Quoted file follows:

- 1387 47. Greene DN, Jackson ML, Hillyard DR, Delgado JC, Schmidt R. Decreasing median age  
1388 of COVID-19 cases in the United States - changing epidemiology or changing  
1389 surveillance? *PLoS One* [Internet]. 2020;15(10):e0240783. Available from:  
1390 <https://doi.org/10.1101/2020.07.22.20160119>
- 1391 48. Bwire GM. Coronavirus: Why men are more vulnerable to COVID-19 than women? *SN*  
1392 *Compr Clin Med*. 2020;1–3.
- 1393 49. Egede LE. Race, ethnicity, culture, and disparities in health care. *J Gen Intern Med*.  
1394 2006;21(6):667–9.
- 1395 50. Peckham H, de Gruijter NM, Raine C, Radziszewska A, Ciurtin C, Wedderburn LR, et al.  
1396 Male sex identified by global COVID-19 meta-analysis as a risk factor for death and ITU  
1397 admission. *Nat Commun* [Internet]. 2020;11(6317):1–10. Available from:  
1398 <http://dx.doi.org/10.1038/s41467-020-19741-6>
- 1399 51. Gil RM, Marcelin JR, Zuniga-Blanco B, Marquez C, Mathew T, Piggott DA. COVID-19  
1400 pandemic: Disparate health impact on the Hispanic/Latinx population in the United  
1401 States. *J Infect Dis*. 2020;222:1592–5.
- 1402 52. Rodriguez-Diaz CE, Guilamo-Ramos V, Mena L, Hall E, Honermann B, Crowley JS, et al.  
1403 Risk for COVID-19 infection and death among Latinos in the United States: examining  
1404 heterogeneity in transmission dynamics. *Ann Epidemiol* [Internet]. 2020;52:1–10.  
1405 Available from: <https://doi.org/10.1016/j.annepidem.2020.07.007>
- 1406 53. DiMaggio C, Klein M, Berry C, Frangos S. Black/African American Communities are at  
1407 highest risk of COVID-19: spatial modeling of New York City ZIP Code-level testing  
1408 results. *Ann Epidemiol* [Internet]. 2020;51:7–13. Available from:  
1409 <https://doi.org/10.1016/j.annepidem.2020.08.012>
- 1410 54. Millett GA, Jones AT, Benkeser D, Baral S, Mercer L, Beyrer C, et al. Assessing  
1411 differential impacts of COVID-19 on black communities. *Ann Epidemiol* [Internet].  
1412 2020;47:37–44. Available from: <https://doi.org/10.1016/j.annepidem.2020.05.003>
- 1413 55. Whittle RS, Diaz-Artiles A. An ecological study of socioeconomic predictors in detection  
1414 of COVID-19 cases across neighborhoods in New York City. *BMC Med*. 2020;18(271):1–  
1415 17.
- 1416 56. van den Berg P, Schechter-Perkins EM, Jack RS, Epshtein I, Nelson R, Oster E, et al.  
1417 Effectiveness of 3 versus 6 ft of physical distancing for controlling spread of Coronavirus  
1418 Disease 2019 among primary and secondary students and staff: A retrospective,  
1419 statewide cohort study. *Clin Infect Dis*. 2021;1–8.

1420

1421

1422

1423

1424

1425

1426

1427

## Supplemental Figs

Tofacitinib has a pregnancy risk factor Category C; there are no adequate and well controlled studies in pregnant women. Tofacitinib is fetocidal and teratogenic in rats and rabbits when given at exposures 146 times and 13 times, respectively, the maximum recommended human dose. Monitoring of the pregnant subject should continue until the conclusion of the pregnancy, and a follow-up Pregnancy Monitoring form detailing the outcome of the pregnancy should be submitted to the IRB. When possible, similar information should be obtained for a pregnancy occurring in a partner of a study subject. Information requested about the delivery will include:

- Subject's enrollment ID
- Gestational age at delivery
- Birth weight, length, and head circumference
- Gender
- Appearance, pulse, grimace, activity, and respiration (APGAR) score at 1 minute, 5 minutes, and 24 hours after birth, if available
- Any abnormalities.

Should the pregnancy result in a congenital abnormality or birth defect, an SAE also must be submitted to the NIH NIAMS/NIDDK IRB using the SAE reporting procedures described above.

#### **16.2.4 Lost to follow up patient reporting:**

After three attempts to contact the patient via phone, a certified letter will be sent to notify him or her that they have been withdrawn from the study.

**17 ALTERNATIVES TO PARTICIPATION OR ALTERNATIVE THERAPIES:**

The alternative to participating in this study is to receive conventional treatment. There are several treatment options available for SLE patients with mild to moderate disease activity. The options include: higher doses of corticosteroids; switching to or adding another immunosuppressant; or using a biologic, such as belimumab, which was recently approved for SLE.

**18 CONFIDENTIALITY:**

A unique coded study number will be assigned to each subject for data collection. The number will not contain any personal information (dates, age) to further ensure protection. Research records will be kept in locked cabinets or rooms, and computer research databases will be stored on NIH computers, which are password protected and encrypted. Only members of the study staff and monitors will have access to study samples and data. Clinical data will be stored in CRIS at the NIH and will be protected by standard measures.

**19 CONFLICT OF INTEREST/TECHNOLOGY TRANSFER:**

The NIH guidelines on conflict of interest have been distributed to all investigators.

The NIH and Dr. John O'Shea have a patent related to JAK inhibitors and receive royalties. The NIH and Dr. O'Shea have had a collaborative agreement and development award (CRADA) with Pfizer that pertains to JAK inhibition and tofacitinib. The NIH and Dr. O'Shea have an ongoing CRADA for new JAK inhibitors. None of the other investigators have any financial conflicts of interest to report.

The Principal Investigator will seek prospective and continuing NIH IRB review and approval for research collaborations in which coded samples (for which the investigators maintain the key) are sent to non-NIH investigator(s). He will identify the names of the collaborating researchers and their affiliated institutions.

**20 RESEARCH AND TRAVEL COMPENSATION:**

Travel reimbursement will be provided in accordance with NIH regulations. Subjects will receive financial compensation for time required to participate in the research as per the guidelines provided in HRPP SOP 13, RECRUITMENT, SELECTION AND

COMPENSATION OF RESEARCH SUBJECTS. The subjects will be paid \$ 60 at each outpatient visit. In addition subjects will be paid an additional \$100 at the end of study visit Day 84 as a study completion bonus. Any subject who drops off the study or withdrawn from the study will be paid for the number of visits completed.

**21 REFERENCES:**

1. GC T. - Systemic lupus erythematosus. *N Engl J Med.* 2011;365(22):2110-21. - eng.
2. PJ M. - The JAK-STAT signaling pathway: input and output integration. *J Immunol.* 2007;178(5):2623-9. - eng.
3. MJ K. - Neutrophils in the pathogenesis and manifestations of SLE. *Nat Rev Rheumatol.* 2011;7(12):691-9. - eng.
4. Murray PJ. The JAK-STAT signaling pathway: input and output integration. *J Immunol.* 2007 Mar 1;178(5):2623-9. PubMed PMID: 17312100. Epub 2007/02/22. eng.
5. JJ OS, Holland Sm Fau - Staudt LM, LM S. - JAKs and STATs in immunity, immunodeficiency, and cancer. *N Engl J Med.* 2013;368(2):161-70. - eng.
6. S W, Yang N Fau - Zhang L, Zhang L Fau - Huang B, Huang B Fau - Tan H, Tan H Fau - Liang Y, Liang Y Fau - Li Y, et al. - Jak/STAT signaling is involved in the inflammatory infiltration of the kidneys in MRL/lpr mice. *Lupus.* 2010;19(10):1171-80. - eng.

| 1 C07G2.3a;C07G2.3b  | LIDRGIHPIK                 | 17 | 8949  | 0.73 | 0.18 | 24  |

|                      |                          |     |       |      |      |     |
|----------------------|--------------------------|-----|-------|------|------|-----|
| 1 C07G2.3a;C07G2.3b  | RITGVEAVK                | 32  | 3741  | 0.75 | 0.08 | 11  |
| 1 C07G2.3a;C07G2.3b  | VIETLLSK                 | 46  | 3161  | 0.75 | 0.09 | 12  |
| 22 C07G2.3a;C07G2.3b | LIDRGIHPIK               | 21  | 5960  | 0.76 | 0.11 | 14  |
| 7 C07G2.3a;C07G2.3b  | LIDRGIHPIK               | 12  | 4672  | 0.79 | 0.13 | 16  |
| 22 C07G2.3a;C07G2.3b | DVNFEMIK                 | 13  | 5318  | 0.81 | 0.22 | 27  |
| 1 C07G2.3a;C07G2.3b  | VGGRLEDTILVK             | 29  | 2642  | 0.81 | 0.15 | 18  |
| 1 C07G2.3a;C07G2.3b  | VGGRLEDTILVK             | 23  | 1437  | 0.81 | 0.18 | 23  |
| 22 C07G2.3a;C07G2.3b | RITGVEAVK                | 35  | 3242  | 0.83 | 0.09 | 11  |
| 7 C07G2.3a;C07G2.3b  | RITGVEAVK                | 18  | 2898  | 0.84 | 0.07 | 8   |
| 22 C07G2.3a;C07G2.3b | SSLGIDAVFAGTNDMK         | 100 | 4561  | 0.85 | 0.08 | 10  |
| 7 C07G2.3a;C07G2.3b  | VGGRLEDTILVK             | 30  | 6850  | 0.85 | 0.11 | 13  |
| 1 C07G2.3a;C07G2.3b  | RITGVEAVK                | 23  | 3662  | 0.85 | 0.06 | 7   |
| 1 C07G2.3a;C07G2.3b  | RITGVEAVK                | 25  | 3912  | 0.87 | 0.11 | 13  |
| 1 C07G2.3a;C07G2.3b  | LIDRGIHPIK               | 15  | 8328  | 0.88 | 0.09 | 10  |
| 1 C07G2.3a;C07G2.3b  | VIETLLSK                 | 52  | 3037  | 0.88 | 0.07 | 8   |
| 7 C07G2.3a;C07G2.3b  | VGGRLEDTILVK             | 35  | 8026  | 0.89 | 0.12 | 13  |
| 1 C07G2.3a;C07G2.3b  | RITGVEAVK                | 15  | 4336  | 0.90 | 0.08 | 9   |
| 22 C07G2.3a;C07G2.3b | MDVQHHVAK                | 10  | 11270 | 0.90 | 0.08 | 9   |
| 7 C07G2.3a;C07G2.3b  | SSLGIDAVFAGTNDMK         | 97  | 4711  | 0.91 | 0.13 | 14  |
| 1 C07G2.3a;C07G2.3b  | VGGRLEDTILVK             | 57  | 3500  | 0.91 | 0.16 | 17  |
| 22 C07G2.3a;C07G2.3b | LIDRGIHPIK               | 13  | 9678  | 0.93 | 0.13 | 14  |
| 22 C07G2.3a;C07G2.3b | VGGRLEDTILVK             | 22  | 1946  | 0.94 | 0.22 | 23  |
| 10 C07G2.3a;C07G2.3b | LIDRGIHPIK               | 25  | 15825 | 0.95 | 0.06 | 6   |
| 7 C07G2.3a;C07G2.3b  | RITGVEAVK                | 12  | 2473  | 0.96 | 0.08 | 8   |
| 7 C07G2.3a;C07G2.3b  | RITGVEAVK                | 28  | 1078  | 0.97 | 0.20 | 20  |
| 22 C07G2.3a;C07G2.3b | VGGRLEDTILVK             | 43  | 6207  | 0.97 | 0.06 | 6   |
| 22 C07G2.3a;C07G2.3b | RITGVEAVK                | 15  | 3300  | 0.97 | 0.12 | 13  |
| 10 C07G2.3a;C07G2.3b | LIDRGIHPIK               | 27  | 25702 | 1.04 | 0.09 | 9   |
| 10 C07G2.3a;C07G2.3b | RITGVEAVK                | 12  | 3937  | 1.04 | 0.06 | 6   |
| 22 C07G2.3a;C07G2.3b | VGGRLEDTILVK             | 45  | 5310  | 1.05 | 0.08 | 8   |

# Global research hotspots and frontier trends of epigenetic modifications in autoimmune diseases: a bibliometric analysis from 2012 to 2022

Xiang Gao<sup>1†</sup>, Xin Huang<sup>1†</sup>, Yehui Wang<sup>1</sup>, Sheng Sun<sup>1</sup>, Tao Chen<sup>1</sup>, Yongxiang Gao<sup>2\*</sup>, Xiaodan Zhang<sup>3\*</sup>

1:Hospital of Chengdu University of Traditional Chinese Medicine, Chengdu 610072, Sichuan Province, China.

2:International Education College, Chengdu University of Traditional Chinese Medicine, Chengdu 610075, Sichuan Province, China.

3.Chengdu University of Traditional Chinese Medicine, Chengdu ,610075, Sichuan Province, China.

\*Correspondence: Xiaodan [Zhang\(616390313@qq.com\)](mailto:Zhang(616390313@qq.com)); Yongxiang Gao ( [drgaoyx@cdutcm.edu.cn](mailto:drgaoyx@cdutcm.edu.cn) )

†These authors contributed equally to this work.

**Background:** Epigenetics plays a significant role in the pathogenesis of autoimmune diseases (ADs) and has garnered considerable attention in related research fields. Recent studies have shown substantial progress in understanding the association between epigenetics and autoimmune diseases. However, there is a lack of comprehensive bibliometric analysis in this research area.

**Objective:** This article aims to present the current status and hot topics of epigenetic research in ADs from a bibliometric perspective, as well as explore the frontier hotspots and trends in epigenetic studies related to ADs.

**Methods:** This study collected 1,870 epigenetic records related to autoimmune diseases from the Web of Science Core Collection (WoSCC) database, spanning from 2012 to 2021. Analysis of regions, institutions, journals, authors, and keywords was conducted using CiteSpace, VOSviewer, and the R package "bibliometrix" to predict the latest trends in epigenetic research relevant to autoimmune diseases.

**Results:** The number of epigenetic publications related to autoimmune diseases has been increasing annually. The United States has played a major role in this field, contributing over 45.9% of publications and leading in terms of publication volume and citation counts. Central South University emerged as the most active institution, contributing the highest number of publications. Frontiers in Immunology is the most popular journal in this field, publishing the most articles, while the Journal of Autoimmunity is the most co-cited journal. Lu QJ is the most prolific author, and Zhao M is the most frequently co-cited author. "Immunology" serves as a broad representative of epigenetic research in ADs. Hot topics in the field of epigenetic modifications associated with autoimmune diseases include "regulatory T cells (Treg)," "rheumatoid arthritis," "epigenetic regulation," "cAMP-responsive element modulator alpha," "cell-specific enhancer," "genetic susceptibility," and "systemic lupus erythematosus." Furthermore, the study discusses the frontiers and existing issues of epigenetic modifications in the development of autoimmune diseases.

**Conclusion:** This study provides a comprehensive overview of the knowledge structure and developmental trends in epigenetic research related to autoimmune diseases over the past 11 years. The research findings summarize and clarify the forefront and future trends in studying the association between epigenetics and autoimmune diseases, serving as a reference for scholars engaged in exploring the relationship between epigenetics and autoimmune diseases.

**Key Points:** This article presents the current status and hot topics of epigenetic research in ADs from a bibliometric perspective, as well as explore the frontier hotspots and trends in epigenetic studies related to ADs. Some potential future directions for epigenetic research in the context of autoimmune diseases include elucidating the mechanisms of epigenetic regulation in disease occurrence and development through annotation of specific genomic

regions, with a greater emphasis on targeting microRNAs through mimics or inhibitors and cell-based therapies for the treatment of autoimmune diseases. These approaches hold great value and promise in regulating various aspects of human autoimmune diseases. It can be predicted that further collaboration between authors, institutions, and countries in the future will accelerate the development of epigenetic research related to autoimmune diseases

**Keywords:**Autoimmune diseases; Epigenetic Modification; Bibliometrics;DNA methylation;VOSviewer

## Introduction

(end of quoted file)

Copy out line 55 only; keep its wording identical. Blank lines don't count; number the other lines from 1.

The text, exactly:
**18 CONFIDENTIALITY:**